Calla was born small but apparently healthy in June of 2010, joining her big brother Rowan. We were over the moon in love with her! After a couple weeks I started to notice that my camera flash caused her eyes to look white in pictures. I dismissed it at first but when it continued to happen, I started researching and found out leukocoria is an abnormal white reflex from the retina, indicating a number of medical issues. So at 2 months old we brought Calla in and after several grueling hours and 3 different eye doctors examining our screaming infant, they sat us down and told us that our daughter was blind. We were devastated. It was later that we found out the reason for her blindness: bilateral macular dysplasia, meaning her maculas simply never developed, leaving her with no central vision. Basically where her macular material should be, there are simply colobomas (holes). She still has peripheral vision, although what vision she does have is also impaired.
After this discovery genetic tests were run and we found out our little girl has an extremely rare genetic disorder known as Ring Chromosome 9. Deletions on both sides of the 9th chromosome cause “sticky” ends that join together to form a ring. Only 120 or so cases have ever been documented, approximately 30 that are living today. It was amazing how this information, which we received just one week after discovering her blindness, changed our whole perspective. Suddenly being blind didn’t seem like a big deal compared to the daunting obstacles of a genetic condition.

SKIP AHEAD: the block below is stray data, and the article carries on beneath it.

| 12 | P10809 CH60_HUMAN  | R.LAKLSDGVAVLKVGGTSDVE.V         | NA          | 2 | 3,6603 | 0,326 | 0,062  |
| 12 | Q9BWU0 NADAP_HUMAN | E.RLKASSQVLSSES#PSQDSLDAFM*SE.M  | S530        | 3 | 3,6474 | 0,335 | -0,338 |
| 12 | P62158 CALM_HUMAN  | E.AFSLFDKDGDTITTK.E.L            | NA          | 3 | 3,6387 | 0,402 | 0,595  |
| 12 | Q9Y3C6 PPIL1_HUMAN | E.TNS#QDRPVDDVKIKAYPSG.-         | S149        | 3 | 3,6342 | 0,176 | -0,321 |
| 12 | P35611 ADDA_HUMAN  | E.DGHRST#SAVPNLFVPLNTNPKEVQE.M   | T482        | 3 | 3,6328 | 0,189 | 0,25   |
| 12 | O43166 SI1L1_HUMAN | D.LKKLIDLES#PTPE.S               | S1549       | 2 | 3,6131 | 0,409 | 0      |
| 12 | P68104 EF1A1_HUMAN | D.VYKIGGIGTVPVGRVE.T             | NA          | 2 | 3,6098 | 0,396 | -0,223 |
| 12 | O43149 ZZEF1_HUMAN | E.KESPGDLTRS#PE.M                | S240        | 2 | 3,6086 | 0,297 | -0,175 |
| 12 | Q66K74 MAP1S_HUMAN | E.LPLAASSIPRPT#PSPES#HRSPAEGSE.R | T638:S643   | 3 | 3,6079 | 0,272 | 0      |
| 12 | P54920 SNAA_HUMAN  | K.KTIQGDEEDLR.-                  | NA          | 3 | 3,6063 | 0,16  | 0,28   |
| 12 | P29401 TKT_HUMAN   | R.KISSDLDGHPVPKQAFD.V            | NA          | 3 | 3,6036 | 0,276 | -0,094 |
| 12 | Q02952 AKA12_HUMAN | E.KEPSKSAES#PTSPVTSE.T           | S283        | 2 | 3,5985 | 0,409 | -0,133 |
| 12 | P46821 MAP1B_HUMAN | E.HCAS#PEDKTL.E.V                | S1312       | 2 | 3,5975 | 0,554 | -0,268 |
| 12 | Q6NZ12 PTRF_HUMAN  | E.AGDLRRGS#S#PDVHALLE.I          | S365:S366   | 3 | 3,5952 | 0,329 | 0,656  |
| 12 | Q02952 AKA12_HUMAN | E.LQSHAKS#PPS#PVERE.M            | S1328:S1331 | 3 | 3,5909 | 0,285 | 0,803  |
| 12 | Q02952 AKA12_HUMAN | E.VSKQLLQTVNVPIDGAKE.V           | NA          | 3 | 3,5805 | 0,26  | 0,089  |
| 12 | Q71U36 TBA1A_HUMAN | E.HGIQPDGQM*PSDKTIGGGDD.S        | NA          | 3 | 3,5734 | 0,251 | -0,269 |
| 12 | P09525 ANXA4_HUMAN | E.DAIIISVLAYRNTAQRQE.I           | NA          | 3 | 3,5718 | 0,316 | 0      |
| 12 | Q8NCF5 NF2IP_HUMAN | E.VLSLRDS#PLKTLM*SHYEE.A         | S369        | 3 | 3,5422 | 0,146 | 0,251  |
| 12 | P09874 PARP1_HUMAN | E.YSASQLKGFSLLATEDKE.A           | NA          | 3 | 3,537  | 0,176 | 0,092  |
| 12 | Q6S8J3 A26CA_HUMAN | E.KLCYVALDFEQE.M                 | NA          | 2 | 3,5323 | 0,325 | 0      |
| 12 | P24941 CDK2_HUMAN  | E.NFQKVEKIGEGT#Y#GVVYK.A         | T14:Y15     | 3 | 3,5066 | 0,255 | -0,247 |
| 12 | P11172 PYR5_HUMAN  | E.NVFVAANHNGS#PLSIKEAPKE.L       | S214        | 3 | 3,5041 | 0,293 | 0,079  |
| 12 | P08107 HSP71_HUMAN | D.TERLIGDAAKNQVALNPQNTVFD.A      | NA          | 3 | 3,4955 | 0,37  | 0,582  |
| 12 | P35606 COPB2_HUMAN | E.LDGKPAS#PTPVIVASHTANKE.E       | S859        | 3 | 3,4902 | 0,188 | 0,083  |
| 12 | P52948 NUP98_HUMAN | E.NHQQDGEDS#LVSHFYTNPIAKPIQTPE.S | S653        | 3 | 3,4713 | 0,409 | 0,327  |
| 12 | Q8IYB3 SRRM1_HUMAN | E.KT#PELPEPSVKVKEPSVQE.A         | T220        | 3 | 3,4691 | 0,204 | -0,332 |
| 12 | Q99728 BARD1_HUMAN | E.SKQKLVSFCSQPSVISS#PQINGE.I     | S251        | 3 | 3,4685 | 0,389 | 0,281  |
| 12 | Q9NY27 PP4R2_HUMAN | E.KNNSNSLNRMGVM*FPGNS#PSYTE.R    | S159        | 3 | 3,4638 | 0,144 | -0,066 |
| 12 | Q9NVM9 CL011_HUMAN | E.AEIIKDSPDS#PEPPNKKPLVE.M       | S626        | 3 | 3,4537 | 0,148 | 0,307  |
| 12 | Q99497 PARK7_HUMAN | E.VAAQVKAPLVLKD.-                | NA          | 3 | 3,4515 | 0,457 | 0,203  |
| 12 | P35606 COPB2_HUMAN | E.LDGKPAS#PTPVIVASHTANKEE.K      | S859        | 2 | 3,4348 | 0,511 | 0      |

From there everything is a bit of a blur. We did test after test and saw a massive amount of doctors and specialists. Over the course of a couple years we discovered partial agenesis of the Corpus Callosum (ACC), Nodular Grey Matter Heterotopia and several other anatomical brain variations, mild cerebral palsy with mixed tone, seizures, bilateral vesicoureteral (kidney) reflux, gastroesophageal reflux (GERD), intermittent delayed gastric emptying (DGE), a small patent ductus arteriosus (PDA)/heart murmur, mild microcephaly, global developmental delay and a tethered spinal cord that was just released recently. She is completely G-tube dependent and is small for her age. Calla sees 11 doctors regularly and even more on occasion.
As for her eyes, we soon found out her maculas weren’t the only issue. She has nystagmus, additional colobomas in her left eye and optic nerve hypoplasia (ONH, underdeveloped optic nerves) in both eyes. One eye was structurally smaller than usual and one was larger. Her larger eye also had no drain field, which lead to severe glaucoma. That has been our biggest eye struggle. She’s endured 8 surgeries and a number of medications to normalize the pressure in her left eye. We’ve had at least 20 eye exams under anesthesia; I lost count somewhere around 15! Calla’s first glaucoma shunt migrated and nearly perforated her eye; she currently has a 2nd shunt which had to be implanted deep within the eye by a retinal surgeon due to weak tissue. As a result of her multiple surgeries, Calla’s left pupil is permanently enlarged and she developed a cataract which was removed when her 2nd shunt was placed. It was because of her weak eye tissue that her cornea ruptured, leading to an emergency partial cornea transplant. She wore a clear eye shield for months on end and used arm splints at night for over a year to prevent her rubbing while her eye slowly healed.